Is a liquor store not a liguor store if it charges too much and has a boutique look? Hmmmm.

2:17 PM  
Anonymous Anonymous said...

Just a quick comment to JC - you may want to retract part of your letter to the Chronicle as the Lama family are not "absentee" since they still reside in the neighboorhood. Therefore, your assumed motive of greed or as you put it, "nostaliga" for the old neighborhood now that it's trendy, is flawed.
Just curious, do you know where Jad Massis and his family live? Cuz it's not in Bernal Heights.

6:27 PM  
Anonymous Chuck said...

I know Reliable well. They are not the good neighbors that folks claim in this blog however, nor are they bad neighbors. I have seen groups of youth loitering out front, empty beer and liquor bottles littering the street, and I have seen the same kids grafitti my walls after leaving Joe's place. (I have talked to Joe regarding but he continues to allow them to loiter in front of his shop) I have seen Reliable customers parking in bus stops, pedestrian cross walks, and drive ways. Once or twice a month I see and hear altercations between drunks in front of his shop.

In addition, I have seen Joe improve his property over the years including putting out more light, no longer selling to minors, and upgrading his liquor to include more high end alcohol. Thankfully Joe has also replaced his burglar alarm so it does not ring constanly on Sunday mornings like it has in the past.

Joe is typical of all the Cortland merchants. Personally they are friendly and good people but they will not do anything to improve their premises until the neighbors make complaints. Joe has made significant improvements and it seems he has profitted from it. This is why I am pleased to see Joe stay in the neighborhood.

Now I dread a another liquor store at 249 Cortland. We already have five along Cortland. Do we need another?

In addition, the Massis family may no longer reside in Bernal but they did live here for years and they still have a presence. I see the family there alot.

2:23 PM  
Anonymous nadia lama said...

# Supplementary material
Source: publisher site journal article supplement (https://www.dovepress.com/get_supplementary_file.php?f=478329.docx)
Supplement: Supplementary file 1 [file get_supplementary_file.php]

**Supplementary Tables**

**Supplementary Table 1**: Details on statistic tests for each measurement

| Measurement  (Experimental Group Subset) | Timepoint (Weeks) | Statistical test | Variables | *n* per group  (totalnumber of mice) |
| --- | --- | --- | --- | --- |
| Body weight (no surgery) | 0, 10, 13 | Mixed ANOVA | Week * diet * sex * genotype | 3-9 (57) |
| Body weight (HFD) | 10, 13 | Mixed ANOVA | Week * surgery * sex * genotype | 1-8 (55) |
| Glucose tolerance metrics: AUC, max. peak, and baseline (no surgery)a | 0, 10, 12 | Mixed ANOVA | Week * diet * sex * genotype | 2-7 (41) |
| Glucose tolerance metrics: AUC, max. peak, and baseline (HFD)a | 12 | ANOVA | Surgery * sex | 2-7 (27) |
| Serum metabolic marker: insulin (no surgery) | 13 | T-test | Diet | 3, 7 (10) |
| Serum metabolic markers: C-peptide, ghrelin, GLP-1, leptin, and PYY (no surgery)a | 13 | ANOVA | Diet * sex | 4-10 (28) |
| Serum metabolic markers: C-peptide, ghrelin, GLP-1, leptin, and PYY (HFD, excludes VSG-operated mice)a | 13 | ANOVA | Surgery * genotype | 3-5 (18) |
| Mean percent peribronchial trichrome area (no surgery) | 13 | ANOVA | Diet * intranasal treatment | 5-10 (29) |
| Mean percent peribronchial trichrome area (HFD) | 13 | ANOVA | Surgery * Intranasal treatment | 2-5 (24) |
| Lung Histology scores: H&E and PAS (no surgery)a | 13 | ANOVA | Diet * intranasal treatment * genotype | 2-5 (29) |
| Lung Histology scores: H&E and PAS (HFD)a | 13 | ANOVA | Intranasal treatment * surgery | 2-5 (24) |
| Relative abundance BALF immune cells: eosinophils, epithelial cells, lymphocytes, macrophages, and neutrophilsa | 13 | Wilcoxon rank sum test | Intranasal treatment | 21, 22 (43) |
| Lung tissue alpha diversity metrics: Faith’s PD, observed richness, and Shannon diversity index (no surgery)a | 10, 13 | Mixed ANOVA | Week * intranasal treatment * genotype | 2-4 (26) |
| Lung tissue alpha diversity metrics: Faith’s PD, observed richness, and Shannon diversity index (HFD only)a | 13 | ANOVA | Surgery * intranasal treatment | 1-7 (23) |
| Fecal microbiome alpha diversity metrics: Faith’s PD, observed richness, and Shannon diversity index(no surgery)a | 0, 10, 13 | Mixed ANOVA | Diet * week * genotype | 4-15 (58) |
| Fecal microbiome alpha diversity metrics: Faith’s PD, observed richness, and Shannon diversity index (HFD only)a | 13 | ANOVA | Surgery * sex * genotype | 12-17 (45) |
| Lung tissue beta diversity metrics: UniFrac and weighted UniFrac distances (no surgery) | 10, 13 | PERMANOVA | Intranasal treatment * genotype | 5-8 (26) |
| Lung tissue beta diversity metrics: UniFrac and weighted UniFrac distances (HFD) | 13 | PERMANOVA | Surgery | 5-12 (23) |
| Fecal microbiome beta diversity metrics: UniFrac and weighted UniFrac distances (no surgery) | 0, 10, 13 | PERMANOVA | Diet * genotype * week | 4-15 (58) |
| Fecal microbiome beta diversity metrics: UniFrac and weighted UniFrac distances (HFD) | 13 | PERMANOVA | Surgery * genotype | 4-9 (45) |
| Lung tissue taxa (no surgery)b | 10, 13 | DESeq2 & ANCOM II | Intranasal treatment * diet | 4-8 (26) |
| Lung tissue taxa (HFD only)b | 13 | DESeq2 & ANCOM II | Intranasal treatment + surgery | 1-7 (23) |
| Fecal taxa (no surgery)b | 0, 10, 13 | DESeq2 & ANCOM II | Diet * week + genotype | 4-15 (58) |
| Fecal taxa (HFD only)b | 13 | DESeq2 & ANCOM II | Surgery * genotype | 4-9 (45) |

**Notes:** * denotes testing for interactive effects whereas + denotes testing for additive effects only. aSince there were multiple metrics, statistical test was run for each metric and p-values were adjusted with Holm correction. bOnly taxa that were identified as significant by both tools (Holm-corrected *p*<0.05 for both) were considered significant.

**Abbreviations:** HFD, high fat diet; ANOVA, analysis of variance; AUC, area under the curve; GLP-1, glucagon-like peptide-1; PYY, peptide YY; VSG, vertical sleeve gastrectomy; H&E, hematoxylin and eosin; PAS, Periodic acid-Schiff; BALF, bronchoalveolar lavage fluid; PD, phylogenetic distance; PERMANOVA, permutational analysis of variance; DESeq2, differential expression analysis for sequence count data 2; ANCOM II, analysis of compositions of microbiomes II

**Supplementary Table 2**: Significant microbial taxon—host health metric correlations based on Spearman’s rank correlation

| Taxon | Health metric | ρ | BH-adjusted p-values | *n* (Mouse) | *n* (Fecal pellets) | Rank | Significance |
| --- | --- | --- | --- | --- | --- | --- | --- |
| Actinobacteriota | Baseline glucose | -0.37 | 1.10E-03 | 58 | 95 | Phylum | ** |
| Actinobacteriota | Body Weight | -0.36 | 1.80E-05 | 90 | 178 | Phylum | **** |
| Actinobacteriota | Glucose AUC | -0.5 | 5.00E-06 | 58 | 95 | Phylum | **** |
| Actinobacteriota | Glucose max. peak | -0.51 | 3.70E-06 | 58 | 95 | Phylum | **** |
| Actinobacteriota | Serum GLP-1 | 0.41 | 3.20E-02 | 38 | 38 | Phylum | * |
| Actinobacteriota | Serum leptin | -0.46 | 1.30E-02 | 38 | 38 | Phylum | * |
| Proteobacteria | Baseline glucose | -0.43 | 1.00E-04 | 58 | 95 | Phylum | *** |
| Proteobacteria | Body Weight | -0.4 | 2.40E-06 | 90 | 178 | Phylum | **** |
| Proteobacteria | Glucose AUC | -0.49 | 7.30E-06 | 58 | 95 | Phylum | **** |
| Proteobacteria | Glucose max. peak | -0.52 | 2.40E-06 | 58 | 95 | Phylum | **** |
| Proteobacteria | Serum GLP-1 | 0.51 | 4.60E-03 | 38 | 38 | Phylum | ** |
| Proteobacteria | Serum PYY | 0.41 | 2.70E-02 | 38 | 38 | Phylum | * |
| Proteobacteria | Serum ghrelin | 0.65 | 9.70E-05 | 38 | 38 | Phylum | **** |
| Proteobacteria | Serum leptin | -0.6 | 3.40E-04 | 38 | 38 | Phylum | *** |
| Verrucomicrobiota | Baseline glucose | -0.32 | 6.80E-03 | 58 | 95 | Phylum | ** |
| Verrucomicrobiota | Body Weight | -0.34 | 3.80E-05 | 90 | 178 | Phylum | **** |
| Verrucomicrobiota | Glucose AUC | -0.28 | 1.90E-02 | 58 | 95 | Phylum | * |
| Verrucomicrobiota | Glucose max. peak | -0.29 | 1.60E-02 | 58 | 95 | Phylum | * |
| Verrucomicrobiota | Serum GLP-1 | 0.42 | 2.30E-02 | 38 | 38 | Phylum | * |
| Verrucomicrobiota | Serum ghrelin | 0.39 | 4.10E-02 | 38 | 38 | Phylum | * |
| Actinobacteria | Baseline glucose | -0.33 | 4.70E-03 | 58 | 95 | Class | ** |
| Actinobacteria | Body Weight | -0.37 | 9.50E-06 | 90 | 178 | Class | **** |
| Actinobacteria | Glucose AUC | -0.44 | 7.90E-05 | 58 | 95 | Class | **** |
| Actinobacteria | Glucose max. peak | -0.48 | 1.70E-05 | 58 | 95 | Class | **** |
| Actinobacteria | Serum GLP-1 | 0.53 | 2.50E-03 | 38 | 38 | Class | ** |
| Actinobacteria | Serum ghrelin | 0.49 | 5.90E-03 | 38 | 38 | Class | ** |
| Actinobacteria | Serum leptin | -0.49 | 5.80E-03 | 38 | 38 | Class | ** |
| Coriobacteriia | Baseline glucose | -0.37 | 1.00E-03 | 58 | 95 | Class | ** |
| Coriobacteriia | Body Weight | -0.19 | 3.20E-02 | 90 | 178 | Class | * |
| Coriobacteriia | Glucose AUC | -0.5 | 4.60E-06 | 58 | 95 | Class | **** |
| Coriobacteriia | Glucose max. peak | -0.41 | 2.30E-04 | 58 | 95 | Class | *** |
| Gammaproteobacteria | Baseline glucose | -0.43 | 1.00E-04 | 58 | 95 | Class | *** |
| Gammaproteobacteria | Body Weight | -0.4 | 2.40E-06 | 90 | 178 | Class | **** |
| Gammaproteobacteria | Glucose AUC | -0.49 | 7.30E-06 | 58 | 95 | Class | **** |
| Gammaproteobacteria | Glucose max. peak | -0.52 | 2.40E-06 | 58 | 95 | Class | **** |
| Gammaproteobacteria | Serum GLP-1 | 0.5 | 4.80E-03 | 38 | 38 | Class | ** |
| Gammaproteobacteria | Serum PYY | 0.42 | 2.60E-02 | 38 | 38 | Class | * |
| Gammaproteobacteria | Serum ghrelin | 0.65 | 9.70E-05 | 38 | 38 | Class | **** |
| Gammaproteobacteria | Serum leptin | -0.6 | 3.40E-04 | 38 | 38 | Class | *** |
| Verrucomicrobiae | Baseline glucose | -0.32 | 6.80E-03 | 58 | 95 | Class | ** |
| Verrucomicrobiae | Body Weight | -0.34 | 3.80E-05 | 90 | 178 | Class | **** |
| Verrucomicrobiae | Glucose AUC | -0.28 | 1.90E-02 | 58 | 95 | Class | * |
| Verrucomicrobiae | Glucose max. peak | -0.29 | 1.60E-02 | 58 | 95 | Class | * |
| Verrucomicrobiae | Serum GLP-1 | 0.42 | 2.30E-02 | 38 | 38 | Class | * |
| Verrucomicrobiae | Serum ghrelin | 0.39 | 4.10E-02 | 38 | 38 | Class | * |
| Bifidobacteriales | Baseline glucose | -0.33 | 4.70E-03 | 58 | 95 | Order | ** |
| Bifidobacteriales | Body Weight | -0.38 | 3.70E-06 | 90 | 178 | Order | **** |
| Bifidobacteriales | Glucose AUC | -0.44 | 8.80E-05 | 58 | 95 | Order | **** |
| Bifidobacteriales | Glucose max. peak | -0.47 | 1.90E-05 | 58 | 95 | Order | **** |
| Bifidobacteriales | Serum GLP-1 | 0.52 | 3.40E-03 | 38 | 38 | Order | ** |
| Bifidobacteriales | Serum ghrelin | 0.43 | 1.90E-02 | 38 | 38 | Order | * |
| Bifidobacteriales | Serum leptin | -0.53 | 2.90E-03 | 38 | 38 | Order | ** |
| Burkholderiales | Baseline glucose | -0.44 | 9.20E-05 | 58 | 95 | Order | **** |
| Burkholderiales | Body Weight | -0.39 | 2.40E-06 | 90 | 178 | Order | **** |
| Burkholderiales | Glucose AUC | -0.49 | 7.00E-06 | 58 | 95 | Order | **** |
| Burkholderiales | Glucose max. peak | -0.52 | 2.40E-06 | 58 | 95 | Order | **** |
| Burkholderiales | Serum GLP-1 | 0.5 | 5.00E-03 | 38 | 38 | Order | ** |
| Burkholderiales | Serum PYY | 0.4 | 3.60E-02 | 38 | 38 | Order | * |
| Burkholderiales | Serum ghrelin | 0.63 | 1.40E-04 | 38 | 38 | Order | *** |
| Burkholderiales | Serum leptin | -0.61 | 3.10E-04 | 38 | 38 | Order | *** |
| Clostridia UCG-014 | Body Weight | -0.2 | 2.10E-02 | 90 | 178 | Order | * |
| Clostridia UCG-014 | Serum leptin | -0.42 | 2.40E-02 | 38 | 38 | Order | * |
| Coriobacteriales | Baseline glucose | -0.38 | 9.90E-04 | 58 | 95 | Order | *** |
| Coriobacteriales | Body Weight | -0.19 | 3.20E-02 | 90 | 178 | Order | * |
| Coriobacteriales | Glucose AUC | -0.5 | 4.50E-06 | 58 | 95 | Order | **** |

Dear Bernal Heights,

Hello. I would like to introduce myself to you all. My name is Nadia Lama. Those of you who have lived here over 15 years know me well. Those of you who have been here under 15 years please allow me to give you a little history about myself.

I turned 2 years old living in the house on top of 249 Cortland Avenue. I started working in the store at age 7. I would get paid $20.00 a week for sweeping and mopping the store. The older I got the more responsibility my father gave me. Eventually I was allowed to run the store with my older brother Moe by my side. I was 17 ( a senior in high school) when my father injured his knees and decided to lease out the store. All my siblings had their own careers and I was too young to run it myself. So my father decided to lease it out for 15 years with the condition that there would be no extension on the lease, knowing by then I would be old enough to run it. Now I am 33 years old, still living in beautiful Bernal Heights and raising my 2 daughters here. I have such fond memories of growing up in the store and have been dreaming of sharing this experience with my girls. Working in the store was not a "job" to me. I felt as if I was hanging out with family everyday. To this day, whenever I walk down Cortland, people greet me with huge smiles and after asking how my family is doing their next question always is, "When are you guys coming back? We miss you!" It's nice to know that the people I consider extended family are awaiting our return as much as we are!

I appreciate the passion all of you are showing regarding this situation but you have to remember there is a rich history that goes back over 32 years. I invite you to seek out long time residents of Bernal Heights who remember when the Lama family ran 249 Cortland Avenue and ask them to share their memories of us with you. I am sure you will be pleasantly surprised at what they have to say.

Before ending this letter I would like to clear up 3 points that were stated in a previous posting as facts: